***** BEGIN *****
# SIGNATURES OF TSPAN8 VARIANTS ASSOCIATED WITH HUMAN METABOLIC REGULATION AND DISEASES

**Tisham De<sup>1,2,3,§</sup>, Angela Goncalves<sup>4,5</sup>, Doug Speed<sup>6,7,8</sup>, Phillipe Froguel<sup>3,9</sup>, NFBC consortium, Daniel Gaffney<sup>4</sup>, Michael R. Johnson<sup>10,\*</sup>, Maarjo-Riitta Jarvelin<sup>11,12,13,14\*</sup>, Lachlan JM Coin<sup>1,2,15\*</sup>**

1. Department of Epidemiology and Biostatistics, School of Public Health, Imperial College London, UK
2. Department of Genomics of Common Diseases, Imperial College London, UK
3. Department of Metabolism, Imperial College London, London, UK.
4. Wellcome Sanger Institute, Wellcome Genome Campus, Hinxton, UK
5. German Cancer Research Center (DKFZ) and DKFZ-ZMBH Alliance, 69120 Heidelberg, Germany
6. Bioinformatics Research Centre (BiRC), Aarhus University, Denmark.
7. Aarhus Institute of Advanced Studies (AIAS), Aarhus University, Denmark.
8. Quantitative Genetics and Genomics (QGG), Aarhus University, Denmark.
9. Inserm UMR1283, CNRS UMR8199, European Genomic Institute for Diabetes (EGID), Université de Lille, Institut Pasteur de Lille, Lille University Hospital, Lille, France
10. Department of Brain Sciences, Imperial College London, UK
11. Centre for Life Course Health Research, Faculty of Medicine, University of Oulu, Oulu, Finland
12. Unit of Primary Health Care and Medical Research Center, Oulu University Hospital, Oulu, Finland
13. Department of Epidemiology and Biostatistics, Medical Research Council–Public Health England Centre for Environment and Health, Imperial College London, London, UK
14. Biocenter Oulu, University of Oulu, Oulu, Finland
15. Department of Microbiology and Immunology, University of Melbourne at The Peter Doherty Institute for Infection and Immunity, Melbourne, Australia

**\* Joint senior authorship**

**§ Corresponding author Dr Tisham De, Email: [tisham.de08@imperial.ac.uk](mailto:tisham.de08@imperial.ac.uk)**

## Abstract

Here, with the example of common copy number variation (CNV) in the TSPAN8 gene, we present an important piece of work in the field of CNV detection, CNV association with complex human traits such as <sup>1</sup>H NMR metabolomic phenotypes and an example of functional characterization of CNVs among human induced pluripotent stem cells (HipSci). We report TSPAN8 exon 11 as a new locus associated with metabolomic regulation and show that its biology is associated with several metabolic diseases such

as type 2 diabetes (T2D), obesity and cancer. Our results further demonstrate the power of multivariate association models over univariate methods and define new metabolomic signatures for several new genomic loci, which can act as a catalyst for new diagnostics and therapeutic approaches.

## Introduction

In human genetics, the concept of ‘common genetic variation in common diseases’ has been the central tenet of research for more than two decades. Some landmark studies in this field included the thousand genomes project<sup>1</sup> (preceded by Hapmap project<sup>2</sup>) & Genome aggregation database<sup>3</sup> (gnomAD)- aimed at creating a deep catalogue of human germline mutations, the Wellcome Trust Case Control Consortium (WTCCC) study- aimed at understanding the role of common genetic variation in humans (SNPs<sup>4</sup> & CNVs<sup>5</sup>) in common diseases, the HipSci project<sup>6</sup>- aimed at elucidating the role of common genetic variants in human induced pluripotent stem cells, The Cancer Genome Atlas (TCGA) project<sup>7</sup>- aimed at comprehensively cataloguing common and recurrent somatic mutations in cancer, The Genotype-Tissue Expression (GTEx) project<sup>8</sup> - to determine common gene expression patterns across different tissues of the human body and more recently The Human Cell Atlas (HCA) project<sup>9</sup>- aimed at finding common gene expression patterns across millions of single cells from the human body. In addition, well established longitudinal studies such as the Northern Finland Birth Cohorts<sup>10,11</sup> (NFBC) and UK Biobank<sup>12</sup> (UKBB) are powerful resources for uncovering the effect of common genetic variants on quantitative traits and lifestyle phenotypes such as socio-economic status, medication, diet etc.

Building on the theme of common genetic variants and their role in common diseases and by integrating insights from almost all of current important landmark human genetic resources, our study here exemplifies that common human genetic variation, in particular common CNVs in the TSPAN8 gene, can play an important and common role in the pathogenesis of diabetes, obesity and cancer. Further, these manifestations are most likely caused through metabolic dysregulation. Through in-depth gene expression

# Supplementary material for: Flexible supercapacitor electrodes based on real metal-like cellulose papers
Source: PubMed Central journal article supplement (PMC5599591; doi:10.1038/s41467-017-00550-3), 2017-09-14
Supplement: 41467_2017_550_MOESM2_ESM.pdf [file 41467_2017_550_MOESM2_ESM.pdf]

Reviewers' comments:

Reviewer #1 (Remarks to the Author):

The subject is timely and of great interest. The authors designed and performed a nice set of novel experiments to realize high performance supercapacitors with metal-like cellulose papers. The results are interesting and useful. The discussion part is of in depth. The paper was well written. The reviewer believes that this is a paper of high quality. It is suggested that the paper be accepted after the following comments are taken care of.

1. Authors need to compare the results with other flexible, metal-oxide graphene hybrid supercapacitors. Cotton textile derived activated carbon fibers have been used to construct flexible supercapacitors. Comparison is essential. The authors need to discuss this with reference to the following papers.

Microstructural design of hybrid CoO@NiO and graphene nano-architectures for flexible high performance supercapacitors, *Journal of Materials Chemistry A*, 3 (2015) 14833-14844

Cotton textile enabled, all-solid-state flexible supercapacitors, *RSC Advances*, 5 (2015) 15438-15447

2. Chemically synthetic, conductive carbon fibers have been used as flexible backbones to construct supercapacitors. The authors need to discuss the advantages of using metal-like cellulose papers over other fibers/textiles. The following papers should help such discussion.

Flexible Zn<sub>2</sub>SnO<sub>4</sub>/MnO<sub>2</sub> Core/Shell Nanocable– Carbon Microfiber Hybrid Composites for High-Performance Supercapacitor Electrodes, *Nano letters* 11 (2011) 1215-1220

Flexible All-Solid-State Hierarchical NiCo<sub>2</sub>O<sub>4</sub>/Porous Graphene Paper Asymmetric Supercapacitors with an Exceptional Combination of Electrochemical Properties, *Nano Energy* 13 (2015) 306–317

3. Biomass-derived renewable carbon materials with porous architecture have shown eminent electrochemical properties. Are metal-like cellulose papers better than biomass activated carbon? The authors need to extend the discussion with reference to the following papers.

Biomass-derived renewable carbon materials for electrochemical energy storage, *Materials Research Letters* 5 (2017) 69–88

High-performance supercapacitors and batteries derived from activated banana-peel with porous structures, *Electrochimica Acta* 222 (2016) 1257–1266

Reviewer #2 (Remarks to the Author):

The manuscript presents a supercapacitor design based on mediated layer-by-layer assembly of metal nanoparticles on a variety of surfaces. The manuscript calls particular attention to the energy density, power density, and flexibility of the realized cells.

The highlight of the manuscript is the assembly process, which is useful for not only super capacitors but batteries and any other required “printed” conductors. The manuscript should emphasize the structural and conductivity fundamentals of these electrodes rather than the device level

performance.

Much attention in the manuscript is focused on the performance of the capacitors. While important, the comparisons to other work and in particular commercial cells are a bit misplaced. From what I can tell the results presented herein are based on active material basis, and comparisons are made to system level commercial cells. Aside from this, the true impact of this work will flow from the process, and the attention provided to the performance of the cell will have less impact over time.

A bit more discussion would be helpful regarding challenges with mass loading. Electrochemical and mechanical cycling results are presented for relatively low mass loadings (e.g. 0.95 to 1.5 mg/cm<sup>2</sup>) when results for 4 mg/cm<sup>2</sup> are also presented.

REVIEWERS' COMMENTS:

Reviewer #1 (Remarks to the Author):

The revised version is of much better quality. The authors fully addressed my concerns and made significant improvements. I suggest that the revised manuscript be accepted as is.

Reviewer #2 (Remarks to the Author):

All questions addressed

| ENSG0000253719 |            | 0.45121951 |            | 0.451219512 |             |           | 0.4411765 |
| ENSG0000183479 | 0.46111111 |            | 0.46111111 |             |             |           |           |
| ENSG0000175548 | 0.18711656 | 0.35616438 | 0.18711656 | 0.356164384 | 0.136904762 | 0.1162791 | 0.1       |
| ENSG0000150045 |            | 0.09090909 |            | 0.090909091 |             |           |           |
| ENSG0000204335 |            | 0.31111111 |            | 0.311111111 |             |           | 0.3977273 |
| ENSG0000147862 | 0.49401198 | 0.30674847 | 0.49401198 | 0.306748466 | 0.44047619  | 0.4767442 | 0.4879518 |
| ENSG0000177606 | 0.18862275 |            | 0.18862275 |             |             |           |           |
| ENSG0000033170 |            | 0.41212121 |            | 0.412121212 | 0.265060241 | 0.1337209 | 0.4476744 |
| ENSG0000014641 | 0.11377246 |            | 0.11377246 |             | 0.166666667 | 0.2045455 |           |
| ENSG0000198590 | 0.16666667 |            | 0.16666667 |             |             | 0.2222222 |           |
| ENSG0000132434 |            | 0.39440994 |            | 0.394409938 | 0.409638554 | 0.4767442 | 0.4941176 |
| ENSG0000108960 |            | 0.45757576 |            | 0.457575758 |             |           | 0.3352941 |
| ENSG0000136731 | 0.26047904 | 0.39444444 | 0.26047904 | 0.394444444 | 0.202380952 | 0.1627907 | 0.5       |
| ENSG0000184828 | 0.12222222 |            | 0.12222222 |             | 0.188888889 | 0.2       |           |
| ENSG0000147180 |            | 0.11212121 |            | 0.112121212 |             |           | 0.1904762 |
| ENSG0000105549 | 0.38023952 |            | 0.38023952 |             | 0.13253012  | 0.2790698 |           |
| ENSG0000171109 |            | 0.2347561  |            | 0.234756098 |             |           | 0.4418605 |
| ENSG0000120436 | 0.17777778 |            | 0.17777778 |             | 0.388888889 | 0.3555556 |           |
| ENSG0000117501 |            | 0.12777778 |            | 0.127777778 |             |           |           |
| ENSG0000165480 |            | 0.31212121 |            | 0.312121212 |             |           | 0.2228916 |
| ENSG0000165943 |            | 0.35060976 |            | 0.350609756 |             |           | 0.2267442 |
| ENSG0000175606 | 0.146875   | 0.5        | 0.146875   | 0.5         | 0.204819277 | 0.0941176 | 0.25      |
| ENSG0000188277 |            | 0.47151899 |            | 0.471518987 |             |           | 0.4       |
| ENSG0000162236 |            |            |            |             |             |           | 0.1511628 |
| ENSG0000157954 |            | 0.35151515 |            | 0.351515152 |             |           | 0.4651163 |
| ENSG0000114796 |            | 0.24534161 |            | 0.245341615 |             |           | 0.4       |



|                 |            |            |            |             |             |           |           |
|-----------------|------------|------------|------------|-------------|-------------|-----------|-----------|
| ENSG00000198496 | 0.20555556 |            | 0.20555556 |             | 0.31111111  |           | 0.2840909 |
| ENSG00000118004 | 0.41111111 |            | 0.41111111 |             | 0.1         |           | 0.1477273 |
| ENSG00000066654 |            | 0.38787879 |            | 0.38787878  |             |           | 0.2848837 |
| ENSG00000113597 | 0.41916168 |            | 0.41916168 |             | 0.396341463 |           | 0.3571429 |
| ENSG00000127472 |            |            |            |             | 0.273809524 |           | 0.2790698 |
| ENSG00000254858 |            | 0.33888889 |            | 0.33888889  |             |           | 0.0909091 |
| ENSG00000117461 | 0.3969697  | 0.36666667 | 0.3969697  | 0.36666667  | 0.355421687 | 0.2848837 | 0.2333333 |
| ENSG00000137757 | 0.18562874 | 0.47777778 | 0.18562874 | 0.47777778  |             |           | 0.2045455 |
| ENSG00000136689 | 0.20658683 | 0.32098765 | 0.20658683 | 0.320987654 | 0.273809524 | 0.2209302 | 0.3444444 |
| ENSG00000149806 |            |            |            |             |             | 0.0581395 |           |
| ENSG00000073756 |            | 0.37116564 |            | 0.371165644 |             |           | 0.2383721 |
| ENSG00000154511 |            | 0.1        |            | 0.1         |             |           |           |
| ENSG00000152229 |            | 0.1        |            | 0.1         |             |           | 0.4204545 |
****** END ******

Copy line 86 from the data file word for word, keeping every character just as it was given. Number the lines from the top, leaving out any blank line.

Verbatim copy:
| ENSG00000117461 | 0.3969697  | 0.36666667 | 0.3969697  | 0.36666667  | 0.355421687 | 0.2848837 | 0.2333333 |